• Gayle Rigione, Allergy Force

Follow Your Emergency Action Plan EXACTLY


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Our son was diagnosed in 1999 with allergies to eggs and peanuts, as well as all tree nuts, shrimp, soy, and green peas.


There was a lot of 'gray' surrounding the management of food allergies at the time. You didn't have food allergy information or food allergy friends {virtually} at your fingertips like today. Google got started in 1998. Facebook didn't launch until 2004, though various other social media platforms had bubbled up as early as 1997.


As a member of the food allergy mom's 'club' you relied on your local allergist (who might or might not have been close to the research pipeline), joined FAAN (the Food Allergy & Anaphylaxis Network, est. 1991), and tried your hardest to avoid the allergens and keep your child safe.


Our family did not follow our allergist’s advice about what to do when our son reacted to something he ate. We:


...were dearly afraid of giving him the shot.

...chose to give him Benadryl first, then observe for a short while.

...planned to use his auto-injector (which we did carry everywhere), but only if symptoms 'escalated'.

...hoped to avoid a 'false alarm’ ambulance ride and ER visit.


In retrospect, this was wrong, but then again, hindsight is 20:20.


For our son, it was always the same reaction when he ate something with egg or peanut in it — coughing, violent ejection of the offending food within an hour, face a bit pale, then done.  We’d observe for a short while, then declare victory. Allergic reaction managed.  Crisis over.


Not so fast...


It's really hard for me to write the following, but I am sharing with the hope that you will learn from our mistake(s). An incident involving apple pie from a grocery bake shop with a food label that failed to disclose egg wash on the crust still haunts me.


We had put our son to bed after the pie, only to hear his little brother (who shared the bedroom) shouting for us. Our son with food allergies had thrown up. Violently. Everywhere. I mentally took stock, "He seems OK. Nothing we haven't experienced before. What a mess. Was it the pie? (Note to self: call the bake shop first thing in the morning.)"


After we cleaned up (no small feat with a bunk bed and walls covered) we put both boys back to bed and went to bed ourselves:

  • Not administering epinephrine.

  • Not knowing anything about biphasic anaphylactic reactions.

  • Not knowing allergic reactions don't always look the same or progress the same.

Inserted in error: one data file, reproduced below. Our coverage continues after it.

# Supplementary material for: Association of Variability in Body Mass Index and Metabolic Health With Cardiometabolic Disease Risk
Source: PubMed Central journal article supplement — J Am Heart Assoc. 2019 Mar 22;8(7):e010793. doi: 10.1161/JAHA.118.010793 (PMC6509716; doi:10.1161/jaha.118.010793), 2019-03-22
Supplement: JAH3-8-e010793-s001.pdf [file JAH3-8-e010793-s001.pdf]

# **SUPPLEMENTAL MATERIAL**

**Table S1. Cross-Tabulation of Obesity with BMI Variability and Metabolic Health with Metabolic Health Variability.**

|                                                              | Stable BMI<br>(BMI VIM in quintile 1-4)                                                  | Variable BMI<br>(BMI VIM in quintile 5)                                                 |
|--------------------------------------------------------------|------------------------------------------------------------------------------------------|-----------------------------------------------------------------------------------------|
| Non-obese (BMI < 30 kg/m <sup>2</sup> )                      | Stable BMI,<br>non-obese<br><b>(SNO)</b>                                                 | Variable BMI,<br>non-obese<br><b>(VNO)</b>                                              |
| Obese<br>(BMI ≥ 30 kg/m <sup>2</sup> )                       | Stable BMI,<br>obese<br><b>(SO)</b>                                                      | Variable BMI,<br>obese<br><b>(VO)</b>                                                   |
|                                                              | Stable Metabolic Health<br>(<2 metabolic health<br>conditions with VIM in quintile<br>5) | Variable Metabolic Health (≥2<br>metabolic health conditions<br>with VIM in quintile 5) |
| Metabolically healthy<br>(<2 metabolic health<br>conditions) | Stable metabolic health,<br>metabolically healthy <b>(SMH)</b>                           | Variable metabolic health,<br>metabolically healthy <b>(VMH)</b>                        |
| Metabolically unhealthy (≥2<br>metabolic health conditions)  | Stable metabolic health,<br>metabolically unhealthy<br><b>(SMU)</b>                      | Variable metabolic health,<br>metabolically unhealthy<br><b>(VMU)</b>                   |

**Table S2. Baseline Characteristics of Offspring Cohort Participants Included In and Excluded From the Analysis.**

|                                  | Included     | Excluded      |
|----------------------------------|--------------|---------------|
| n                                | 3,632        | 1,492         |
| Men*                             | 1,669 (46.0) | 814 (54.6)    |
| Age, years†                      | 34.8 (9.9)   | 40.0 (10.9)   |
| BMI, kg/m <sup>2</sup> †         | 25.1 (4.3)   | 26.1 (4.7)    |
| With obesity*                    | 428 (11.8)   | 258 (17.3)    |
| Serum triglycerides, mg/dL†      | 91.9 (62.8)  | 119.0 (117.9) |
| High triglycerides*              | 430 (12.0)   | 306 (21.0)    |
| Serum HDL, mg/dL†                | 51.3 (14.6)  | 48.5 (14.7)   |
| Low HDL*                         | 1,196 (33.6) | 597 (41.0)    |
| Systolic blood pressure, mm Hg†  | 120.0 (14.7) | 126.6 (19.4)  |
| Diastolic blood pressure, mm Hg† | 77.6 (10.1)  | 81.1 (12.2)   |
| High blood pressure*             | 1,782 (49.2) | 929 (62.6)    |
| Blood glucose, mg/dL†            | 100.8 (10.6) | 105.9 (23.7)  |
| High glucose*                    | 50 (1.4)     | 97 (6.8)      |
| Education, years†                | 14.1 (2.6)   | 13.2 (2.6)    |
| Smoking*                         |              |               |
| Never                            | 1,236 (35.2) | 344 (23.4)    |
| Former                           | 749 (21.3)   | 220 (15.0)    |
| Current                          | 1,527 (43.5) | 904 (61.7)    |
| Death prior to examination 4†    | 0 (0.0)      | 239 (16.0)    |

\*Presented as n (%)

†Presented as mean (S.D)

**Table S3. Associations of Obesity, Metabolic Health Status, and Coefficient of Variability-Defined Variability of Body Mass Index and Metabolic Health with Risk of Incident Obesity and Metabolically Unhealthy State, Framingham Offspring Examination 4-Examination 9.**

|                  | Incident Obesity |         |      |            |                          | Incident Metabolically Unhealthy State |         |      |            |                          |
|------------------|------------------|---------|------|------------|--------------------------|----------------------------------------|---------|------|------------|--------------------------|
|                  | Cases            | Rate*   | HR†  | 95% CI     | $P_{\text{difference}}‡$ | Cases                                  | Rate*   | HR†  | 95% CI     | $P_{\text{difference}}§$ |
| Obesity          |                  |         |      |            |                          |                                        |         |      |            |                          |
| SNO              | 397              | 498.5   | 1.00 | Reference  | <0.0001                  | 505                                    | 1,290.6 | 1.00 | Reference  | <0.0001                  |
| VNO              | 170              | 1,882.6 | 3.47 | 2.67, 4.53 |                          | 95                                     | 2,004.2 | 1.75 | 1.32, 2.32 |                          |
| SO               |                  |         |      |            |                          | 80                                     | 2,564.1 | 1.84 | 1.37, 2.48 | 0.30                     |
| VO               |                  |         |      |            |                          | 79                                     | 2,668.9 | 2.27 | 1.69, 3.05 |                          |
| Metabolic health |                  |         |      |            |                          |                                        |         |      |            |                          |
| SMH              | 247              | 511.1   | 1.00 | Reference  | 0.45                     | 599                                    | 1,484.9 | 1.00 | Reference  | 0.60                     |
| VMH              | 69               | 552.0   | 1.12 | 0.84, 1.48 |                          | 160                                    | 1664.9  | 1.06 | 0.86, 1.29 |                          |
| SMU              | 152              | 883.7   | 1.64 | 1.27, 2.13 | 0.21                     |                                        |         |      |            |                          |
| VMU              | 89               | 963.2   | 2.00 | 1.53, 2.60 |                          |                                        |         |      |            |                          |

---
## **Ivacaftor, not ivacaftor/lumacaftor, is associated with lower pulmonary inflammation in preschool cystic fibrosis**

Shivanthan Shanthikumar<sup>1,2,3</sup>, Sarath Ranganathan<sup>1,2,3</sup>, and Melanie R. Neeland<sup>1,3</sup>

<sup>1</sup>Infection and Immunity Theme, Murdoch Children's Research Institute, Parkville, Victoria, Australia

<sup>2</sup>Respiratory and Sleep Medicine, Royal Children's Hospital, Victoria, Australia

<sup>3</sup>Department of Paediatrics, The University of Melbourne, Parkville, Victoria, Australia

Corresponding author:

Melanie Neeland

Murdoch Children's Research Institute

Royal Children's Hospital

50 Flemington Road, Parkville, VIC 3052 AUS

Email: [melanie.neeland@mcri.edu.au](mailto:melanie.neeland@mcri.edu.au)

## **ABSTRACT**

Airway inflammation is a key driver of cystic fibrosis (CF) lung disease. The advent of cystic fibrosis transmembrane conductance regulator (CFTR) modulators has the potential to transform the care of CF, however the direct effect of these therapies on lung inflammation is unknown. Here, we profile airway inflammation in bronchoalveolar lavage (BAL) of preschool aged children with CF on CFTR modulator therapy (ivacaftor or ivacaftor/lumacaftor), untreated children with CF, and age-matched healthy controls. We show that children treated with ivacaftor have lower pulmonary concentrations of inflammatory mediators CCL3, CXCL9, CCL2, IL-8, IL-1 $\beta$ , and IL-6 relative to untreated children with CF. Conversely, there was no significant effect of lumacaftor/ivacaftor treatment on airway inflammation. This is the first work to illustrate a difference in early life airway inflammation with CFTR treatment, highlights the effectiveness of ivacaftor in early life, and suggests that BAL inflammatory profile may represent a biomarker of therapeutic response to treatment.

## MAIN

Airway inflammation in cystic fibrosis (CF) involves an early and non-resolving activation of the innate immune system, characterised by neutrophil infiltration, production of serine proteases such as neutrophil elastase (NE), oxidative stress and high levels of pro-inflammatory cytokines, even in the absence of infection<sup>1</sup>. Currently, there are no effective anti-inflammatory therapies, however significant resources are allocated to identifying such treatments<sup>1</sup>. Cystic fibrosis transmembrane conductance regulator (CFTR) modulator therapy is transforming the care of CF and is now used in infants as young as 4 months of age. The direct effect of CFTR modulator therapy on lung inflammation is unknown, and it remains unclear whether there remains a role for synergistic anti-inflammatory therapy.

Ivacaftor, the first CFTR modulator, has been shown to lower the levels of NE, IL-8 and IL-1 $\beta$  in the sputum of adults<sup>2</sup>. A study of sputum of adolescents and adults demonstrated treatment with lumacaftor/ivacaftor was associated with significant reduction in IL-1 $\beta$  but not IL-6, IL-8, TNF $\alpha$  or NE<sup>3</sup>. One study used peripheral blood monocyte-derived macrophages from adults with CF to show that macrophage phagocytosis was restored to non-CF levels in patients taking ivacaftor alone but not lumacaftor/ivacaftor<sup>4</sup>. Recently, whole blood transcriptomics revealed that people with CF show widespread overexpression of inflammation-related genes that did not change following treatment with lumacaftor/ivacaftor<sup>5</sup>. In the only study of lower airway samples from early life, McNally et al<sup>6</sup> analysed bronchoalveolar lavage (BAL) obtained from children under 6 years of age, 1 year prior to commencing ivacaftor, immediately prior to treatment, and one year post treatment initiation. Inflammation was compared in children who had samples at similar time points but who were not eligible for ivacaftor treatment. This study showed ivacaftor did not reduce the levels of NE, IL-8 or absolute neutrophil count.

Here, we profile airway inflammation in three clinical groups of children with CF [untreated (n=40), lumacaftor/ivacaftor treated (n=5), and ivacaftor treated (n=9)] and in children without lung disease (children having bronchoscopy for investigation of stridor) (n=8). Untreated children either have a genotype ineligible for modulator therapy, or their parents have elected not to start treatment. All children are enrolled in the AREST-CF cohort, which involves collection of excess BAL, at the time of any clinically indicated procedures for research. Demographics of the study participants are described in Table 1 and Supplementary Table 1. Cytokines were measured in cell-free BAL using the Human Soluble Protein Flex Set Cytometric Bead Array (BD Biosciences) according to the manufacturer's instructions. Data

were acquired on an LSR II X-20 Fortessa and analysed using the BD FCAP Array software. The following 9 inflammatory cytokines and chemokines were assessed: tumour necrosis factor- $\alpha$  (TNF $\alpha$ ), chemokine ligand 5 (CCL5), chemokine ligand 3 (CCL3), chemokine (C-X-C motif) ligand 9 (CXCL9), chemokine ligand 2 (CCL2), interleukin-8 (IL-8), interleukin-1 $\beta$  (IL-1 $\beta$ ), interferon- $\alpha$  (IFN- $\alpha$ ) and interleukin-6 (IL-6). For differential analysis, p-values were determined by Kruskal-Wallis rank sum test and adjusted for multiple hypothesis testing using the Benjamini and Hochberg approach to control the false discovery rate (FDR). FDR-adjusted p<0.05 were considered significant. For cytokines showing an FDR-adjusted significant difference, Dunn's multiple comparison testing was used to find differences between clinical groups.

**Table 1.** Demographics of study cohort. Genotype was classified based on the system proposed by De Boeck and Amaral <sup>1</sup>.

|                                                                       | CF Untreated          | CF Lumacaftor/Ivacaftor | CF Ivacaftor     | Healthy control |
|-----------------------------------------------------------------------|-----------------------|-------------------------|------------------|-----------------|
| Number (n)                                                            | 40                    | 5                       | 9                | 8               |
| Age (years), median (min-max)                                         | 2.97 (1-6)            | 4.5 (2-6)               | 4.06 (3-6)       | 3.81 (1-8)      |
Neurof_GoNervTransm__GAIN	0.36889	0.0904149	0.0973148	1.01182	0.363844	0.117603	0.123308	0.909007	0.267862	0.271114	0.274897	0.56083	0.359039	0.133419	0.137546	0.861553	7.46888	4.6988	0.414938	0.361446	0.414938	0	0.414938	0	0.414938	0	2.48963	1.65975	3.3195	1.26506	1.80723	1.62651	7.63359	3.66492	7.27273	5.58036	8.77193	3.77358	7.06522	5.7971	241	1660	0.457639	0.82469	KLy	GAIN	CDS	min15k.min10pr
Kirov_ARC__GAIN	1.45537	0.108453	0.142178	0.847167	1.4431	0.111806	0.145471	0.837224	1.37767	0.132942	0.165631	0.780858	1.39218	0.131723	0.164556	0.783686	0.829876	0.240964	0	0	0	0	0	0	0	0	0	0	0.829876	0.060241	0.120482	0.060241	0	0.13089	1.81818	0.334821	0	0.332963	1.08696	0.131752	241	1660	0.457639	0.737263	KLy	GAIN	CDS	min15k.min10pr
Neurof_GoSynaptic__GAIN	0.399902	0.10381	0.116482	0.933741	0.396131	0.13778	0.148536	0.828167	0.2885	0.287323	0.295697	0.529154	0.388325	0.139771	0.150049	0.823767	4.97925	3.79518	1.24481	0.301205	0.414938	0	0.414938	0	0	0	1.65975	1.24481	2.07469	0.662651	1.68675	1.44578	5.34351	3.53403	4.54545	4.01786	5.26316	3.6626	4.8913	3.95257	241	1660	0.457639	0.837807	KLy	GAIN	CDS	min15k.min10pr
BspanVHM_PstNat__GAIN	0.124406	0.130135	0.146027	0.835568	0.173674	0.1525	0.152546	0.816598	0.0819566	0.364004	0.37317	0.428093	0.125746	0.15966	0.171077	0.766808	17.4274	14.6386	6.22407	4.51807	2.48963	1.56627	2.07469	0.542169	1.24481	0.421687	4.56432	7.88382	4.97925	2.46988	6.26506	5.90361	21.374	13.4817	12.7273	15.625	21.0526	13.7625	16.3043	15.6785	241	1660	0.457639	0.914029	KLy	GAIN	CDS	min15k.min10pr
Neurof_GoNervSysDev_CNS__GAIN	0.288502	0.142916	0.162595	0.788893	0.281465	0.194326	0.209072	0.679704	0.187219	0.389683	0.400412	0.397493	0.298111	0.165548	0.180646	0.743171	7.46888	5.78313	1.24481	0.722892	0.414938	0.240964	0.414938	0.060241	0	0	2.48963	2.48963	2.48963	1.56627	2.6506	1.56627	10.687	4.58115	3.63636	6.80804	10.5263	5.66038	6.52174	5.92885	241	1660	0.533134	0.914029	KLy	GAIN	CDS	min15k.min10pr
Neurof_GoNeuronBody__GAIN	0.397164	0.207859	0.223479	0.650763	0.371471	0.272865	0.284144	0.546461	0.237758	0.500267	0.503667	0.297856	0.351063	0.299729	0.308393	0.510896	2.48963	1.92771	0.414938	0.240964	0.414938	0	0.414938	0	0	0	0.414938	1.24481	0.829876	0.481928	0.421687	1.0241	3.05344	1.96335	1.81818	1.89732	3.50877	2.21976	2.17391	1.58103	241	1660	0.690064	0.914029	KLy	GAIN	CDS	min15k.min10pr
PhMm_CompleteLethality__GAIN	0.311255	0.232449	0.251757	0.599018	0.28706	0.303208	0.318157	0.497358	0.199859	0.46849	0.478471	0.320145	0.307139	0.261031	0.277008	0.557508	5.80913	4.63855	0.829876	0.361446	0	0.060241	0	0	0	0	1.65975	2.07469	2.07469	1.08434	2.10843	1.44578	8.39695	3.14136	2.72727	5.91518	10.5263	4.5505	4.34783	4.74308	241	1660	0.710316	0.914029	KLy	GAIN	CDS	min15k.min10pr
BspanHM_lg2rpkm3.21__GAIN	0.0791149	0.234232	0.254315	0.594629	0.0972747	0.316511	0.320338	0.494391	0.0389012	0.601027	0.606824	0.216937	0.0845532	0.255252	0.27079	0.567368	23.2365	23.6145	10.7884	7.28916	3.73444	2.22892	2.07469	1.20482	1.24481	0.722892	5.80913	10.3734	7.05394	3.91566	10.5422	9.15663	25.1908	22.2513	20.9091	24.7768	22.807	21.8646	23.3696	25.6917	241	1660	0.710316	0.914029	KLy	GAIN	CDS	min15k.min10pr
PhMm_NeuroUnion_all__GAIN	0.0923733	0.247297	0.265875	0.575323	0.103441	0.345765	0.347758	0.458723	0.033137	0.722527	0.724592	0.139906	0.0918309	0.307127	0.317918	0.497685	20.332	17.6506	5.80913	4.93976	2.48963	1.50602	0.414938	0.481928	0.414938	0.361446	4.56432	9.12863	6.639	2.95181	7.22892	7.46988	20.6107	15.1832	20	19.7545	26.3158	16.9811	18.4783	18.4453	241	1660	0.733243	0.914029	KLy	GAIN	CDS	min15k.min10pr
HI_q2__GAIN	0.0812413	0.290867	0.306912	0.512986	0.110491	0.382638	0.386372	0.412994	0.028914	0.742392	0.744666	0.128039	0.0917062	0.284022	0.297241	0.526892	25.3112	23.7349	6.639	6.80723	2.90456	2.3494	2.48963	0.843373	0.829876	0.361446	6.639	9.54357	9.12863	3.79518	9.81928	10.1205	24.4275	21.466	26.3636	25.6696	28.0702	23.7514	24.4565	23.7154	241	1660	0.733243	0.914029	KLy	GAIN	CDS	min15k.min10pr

• Not realizing how quickly symptoms could progress if anaphylaxis gathers steam.

  • Not realizing we should have at least observed him closely for hours (not minutes).

It's crystal clear to us today that guardian angels worked overtime on our behalf that night to keep our son safe through the night while we slept. It could so easily and tragically have gone another way.


Here's what we'd do differently today...


1. Know what all the symptoms of anaphylaxis look like, never forgetting that they can present differently.


2. Know & follow our emergency action/care plan to the letter.


3. Epi first. Epi fast.

  • Never hesitate.

  • Never second guess the need to inject.

  • Ignore the voice in our head that counsels 'wait and see'.

4. Get to an ER asap.


5. Never leave the ER without extra doses of epinephrine.


6. Monitor closely for any recurring reaction—over {many} hours.


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You don't often get do-overs in life, so I am paying it forward with this post, hoping you will learn from our mistake(s), hoping to help you manage an allergic reaction correctly, safely, when you have to.



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About the Author: Gayle Rigione is CEO and Co-founder of Allergy Force, the food allergy app. She’s also an allergy mom. She’s lived the heart stopping moments when her son ate the wrong thing, second guessed reactions and spent the night in the ER. These experiences inspire her to create tools for people with food allergies that make life safer, easier. Whatever you do, do it with a full heart. Audentes Fortuna Iuvat


Photo Credit: The Rigione Family

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